The above definition of VR is wildly over-simplified, of course.  It’s also really just looking at the current understanding of VR, based on current technology.  Really, there are many virtual realities.  Some have argued that fictional universe of a story book is a virtual reality.  Others suggest MMORPGs and other online games with persistent world and real players are virtual reality.  Even the universe of a television show or movie could be considered a virtual reality.  But none of these really speak to what we popularly call VR today, or what most people mean when they use or hear the term.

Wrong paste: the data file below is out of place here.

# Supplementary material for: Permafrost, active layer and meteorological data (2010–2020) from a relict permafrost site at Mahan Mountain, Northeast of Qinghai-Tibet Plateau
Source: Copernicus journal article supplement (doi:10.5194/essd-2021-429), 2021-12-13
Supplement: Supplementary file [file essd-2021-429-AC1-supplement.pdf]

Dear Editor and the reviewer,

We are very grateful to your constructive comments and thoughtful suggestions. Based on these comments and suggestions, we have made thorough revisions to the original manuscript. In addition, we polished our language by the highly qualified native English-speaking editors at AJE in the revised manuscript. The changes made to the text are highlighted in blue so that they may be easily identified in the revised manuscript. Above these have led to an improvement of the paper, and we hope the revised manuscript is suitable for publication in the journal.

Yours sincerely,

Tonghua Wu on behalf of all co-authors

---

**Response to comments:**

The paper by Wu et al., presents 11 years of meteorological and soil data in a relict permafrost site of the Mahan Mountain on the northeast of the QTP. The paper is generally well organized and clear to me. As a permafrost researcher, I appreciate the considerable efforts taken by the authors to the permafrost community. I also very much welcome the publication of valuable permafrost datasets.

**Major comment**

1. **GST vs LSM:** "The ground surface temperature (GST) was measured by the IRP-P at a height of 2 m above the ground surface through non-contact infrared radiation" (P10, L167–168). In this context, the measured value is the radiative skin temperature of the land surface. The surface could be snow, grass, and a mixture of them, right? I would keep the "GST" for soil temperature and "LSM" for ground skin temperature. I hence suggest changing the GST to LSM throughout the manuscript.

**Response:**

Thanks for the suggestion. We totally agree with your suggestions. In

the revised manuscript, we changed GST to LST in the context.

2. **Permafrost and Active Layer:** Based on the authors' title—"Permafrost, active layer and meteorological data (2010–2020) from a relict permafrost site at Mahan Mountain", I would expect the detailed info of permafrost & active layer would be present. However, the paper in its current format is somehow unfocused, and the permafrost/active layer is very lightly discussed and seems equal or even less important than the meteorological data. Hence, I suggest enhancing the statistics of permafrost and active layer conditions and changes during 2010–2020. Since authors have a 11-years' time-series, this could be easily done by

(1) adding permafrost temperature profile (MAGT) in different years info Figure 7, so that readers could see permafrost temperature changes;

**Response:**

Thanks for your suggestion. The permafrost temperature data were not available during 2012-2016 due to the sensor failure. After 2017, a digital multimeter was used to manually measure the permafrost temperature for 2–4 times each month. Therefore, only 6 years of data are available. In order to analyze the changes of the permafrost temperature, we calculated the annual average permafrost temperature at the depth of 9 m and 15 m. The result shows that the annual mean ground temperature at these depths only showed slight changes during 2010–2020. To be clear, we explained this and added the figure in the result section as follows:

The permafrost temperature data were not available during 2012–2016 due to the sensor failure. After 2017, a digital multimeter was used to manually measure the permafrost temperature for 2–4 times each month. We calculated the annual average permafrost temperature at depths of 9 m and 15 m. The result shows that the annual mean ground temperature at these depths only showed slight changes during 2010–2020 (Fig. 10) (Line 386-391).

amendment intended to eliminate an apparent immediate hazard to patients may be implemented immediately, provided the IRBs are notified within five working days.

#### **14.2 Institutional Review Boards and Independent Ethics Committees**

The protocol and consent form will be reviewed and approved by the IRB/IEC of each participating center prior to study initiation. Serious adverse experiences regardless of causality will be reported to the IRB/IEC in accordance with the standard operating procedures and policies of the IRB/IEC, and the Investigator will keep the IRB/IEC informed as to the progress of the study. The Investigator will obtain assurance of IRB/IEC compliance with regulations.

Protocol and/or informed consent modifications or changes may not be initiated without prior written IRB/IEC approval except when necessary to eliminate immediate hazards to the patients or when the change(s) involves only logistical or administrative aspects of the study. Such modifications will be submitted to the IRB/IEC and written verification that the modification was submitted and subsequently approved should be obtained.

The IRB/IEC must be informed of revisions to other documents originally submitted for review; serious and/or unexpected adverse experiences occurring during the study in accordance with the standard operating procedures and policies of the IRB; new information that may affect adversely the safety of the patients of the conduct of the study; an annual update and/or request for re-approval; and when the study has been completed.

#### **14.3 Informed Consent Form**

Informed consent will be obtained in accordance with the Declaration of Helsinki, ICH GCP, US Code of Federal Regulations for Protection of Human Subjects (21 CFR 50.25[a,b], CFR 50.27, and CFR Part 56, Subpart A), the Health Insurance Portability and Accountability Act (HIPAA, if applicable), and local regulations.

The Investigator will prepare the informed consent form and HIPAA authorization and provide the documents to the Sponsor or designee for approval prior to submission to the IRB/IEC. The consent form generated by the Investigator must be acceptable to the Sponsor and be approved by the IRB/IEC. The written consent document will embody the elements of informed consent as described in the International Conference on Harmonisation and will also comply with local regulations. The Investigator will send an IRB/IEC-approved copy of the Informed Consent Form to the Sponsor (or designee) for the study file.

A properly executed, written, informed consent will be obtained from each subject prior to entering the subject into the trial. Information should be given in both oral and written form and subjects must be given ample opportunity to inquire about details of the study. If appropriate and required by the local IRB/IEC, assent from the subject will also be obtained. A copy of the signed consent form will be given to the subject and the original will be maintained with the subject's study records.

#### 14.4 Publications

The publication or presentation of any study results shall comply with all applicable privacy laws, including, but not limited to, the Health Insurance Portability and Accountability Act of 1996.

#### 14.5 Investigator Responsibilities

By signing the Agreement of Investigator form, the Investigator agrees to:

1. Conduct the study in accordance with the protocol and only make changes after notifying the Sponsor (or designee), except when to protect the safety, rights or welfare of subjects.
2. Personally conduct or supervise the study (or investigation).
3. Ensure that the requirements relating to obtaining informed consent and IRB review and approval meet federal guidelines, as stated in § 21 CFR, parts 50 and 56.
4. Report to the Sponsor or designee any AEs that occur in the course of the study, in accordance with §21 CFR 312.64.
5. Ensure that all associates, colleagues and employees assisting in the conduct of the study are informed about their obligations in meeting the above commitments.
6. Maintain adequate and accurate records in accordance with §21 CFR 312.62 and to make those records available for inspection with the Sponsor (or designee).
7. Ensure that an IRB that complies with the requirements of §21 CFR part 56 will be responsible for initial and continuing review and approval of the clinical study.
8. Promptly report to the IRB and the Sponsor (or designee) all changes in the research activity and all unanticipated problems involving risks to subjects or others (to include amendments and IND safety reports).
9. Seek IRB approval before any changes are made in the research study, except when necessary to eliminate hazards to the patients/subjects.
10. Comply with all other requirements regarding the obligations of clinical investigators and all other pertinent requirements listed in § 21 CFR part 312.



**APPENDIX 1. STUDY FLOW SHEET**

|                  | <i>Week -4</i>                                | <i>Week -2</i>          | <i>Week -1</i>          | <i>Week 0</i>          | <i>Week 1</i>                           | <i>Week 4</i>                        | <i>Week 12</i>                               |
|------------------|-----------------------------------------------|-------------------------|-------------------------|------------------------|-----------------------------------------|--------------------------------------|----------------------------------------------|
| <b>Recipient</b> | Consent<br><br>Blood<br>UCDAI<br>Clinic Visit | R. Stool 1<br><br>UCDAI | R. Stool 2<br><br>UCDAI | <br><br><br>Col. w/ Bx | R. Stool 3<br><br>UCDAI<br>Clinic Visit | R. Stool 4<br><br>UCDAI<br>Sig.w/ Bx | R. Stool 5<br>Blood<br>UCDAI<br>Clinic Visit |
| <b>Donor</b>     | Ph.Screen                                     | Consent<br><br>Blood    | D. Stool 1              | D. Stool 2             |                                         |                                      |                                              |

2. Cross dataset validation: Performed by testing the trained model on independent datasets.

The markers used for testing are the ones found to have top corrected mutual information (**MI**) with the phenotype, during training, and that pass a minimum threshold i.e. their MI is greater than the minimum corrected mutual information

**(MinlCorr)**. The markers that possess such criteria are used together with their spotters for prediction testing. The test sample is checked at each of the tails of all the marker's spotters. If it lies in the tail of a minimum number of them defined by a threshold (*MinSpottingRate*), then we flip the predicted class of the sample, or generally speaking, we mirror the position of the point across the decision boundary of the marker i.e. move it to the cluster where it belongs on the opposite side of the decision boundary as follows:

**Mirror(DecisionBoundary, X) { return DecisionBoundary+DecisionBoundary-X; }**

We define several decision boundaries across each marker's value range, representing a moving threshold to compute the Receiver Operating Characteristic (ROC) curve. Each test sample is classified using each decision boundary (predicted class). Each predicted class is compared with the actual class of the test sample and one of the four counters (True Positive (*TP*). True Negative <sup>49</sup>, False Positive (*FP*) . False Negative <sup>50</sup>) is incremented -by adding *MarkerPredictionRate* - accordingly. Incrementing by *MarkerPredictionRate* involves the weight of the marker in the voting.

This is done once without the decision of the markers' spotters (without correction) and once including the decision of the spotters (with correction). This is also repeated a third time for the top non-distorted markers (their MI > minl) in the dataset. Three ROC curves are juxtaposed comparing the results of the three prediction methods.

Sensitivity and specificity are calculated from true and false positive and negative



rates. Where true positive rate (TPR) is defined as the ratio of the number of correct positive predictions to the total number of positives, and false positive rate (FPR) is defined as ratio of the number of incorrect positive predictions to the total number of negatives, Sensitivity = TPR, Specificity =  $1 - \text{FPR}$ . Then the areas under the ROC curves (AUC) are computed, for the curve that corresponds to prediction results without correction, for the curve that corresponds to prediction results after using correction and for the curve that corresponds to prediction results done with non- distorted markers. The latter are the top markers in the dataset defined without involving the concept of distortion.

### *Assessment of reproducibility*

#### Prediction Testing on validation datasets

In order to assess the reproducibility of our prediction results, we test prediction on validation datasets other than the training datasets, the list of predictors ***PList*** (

In general, VR refers to our current level of technology for tricking the brain into believing we, the user/viewer, are actually in an artificial world.  This can be as simple as a VR movie or video scene, where there’s no interaction or control.  Because of the various sensors (usually accelerometers, gyroscopes, and similar) that are part of a headset, you experience a phenomena known as head tracking.  Simply put, if you look to the left, it’s as if you are looking to the left in the virtual scene.  In essence, you become the “camera” viewpoint, and have the freedom to look around within the 3D space.  The specially-crafted cameras used to film 3D video, or the software to render 3D game worlds, works with the sensors to track head movements, and alter or compensate the video display accordingly.

Positional and Room Tracking